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Former General Counsel Hired to Run New York Mets

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By Jason Beahm on November 09, 2010 5:46 AM

Here's a story for all you disillusioned law students and crusty old practicing attorneys. If you play your cards right, you can become the general manager of a sports team!

After all, Sandy Alderson made the jump from being the in house attorney for the Oakland Athletics to the team's general manager in 1983. And unlike countless others, he wasn't a total washout. To the contrary, he helped take the team to a World Series in 1989. Now Alderson is set to switch coasts: he is joining the New York Mets. Alderson has been tapped to serve as the Mets general manager.

The Mets have been in a free fall for several seasons and Alderson is being brought in to help the team in its quest to turn things around. Alderson said the Mets are interviewing internal candidates for a new manager this week, with interviews with outside candidates set to begin next week, ESPN reports.

Sandy Alderson has become famous in the baseball strategy world for his use of a method that came to be known as "Moneyball," a tactic of using advanced statistical analysis to make personnel decisions. It used to be that most scouts and managers largely used conventional baseball statistics and following their gut. "Moneyball" became a sweeping trend in baseball, though it is fallen out of favor to some extent. Alderson seemed to distance himself from it in his press conference: "[T]he game is not just about stats. It's about character. Motivation. The things you can't measure."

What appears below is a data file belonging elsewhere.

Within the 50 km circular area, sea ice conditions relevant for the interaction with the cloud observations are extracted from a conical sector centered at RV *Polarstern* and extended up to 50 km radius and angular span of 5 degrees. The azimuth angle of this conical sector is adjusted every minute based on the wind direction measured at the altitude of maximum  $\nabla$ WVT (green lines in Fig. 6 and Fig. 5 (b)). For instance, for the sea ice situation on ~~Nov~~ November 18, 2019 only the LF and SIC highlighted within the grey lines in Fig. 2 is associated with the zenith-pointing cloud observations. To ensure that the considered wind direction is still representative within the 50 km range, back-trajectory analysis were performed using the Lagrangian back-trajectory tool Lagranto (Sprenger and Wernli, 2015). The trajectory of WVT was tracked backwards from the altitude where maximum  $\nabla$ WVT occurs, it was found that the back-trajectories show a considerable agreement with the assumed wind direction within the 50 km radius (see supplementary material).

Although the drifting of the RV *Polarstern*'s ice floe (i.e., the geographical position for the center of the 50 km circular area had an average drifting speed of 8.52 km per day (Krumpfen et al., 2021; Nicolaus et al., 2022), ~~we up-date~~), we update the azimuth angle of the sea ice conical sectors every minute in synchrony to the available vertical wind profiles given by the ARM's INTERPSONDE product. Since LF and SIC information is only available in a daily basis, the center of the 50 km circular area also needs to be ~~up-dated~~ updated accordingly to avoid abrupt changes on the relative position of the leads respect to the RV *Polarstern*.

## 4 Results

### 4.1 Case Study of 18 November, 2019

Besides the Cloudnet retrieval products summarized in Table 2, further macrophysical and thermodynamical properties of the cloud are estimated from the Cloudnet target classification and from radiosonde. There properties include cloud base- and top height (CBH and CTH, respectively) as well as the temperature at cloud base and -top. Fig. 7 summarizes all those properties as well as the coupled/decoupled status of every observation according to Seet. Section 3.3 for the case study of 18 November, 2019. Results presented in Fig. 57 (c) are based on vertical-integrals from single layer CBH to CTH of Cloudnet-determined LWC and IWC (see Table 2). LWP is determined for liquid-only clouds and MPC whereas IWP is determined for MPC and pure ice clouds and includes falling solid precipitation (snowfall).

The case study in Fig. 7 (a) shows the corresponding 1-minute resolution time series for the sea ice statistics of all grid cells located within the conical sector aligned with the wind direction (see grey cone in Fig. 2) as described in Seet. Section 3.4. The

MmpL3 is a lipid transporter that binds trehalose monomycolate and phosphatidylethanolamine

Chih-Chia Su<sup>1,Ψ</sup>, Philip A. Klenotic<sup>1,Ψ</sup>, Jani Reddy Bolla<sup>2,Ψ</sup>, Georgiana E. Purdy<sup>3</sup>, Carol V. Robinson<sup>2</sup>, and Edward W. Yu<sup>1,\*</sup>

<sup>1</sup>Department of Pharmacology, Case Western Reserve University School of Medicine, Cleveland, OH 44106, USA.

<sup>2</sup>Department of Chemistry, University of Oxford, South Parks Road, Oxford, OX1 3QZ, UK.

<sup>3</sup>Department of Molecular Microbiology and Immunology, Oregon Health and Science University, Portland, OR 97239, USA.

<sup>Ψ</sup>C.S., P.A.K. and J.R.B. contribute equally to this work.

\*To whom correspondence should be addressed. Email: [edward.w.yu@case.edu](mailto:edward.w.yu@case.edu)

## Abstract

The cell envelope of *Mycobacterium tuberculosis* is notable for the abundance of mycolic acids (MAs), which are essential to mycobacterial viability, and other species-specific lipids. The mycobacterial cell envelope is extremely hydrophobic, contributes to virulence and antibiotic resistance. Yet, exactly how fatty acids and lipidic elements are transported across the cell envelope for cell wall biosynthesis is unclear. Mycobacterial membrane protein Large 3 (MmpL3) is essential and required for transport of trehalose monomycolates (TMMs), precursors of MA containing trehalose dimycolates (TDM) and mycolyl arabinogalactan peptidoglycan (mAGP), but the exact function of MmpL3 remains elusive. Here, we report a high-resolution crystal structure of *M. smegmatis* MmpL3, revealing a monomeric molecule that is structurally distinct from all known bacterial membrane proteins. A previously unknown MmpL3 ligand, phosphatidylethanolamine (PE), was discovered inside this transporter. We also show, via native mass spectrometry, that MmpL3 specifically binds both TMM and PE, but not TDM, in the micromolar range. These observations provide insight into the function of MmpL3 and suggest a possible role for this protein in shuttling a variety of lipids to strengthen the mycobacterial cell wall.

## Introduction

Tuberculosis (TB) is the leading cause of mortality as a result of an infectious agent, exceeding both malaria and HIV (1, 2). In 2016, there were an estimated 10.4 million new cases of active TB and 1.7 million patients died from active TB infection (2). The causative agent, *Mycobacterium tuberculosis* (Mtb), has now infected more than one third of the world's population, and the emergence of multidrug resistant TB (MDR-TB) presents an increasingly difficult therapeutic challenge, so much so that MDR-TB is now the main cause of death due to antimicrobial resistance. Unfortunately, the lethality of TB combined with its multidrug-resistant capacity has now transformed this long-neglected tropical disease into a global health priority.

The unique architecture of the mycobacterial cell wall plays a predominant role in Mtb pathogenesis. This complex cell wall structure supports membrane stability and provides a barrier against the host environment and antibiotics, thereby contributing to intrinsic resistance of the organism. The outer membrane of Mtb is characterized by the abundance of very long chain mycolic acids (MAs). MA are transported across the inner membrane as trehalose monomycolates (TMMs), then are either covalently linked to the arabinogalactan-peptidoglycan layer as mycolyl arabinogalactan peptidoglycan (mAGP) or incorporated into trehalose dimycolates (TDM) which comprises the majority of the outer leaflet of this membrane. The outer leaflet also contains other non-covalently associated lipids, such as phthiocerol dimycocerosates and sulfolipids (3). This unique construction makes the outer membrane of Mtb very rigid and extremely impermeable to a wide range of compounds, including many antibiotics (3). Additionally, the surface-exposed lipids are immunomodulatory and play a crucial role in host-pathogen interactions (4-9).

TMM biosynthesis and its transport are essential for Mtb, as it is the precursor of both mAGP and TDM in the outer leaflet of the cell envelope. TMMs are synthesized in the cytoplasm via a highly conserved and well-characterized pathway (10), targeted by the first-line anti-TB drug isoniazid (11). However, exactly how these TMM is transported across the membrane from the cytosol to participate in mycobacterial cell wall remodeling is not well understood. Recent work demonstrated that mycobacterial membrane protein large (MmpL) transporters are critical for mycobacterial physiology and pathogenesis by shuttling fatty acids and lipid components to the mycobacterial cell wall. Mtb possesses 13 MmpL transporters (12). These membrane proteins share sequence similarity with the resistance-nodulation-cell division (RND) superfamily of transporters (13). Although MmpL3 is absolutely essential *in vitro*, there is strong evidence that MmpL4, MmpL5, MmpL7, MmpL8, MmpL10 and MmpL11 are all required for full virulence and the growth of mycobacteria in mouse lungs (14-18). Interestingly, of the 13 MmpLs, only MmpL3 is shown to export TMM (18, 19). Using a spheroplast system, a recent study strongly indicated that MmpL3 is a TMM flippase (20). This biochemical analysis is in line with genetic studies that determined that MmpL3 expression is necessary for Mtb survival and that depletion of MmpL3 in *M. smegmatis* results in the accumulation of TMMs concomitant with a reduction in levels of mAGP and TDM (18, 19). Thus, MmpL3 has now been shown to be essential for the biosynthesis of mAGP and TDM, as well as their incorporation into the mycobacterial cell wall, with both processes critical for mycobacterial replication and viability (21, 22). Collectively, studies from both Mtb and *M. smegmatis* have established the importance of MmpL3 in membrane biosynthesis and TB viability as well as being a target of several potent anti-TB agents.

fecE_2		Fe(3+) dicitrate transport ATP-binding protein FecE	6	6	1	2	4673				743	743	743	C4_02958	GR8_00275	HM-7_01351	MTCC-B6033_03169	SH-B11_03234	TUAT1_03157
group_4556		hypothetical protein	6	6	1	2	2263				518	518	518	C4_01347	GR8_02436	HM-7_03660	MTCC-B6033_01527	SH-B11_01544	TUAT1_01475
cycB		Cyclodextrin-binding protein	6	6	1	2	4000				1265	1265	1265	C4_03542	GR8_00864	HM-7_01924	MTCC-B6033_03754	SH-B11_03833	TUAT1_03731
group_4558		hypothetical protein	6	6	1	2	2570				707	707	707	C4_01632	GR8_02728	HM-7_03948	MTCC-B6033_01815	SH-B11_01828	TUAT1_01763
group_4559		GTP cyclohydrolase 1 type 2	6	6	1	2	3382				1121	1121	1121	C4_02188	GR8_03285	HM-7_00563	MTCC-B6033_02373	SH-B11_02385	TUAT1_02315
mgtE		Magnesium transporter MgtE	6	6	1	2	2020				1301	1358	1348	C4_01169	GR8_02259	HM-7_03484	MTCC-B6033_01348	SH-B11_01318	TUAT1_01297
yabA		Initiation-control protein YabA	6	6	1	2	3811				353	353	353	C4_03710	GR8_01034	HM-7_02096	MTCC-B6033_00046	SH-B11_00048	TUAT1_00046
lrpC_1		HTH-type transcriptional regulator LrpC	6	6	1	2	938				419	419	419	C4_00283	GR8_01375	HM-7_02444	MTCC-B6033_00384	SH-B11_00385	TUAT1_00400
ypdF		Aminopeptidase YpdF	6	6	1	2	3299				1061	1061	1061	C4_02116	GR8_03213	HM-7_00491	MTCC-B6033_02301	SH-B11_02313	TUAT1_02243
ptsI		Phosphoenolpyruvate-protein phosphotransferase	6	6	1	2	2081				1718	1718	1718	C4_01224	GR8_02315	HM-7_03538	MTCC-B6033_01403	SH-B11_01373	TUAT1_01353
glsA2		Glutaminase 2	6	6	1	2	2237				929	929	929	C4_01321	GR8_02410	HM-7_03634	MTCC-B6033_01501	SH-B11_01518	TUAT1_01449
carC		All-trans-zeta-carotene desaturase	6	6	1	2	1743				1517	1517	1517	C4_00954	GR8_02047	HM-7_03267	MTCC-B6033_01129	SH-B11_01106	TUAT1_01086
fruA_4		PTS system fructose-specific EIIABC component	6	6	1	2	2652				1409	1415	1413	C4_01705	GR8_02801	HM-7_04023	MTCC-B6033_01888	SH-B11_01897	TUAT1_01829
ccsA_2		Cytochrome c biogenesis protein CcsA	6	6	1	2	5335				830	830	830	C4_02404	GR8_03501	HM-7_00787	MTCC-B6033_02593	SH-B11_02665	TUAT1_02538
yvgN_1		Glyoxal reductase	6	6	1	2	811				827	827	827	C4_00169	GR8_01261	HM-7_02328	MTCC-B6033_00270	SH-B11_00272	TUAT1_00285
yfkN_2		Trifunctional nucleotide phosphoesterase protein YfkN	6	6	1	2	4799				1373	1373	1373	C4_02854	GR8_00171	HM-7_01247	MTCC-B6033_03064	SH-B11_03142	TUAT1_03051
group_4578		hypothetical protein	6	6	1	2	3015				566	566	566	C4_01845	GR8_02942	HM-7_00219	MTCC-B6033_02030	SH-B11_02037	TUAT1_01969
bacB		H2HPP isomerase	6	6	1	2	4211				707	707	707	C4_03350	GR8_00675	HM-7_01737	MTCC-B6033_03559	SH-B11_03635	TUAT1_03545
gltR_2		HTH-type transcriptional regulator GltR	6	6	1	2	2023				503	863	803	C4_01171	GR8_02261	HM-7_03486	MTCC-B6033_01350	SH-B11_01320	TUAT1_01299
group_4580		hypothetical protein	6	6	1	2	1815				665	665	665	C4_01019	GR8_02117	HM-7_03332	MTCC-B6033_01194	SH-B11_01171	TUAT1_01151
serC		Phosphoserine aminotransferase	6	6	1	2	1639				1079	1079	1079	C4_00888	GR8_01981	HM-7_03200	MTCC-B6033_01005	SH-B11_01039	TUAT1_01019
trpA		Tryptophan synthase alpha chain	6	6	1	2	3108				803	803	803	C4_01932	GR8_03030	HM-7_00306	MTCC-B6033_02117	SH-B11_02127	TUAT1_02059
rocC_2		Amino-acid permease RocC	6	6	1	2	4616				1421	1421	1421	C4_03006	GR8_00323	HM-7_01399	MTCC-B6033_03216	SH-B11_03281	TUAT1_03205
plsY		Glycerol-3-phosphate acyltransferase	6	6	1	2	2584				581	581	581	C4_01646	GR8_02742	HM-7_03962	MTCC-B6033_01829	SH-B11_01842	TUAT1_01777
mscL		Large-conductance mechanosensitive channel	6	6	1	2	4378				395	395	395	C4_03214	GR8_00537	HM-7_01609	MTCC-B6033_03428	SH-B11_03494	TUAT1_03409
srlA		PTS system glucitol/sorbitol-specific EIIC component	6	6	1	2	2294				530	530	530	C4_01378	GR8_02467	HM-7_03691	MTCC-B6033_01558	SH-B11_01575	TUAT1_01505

So what kind of path does one take when going from law school to the Mets general manager?

Alderson started with a bachelor's degree from Dartmouth and then a law degree from Harvard. He served in the United States Marine Corps, including a stint in Vietnam. Upon returning to the states, he joined a San Francisco law firm before moving to the Oakland Athletics as general counsel in 1981. Just two years later, Sandy Alderson was the general manager.

So there you have it. It sounds so simple when you lay it all out there. Of course, there are only so many general manager positions in Major League Baseball. But have hope, there is always the NFL and NBA, right?

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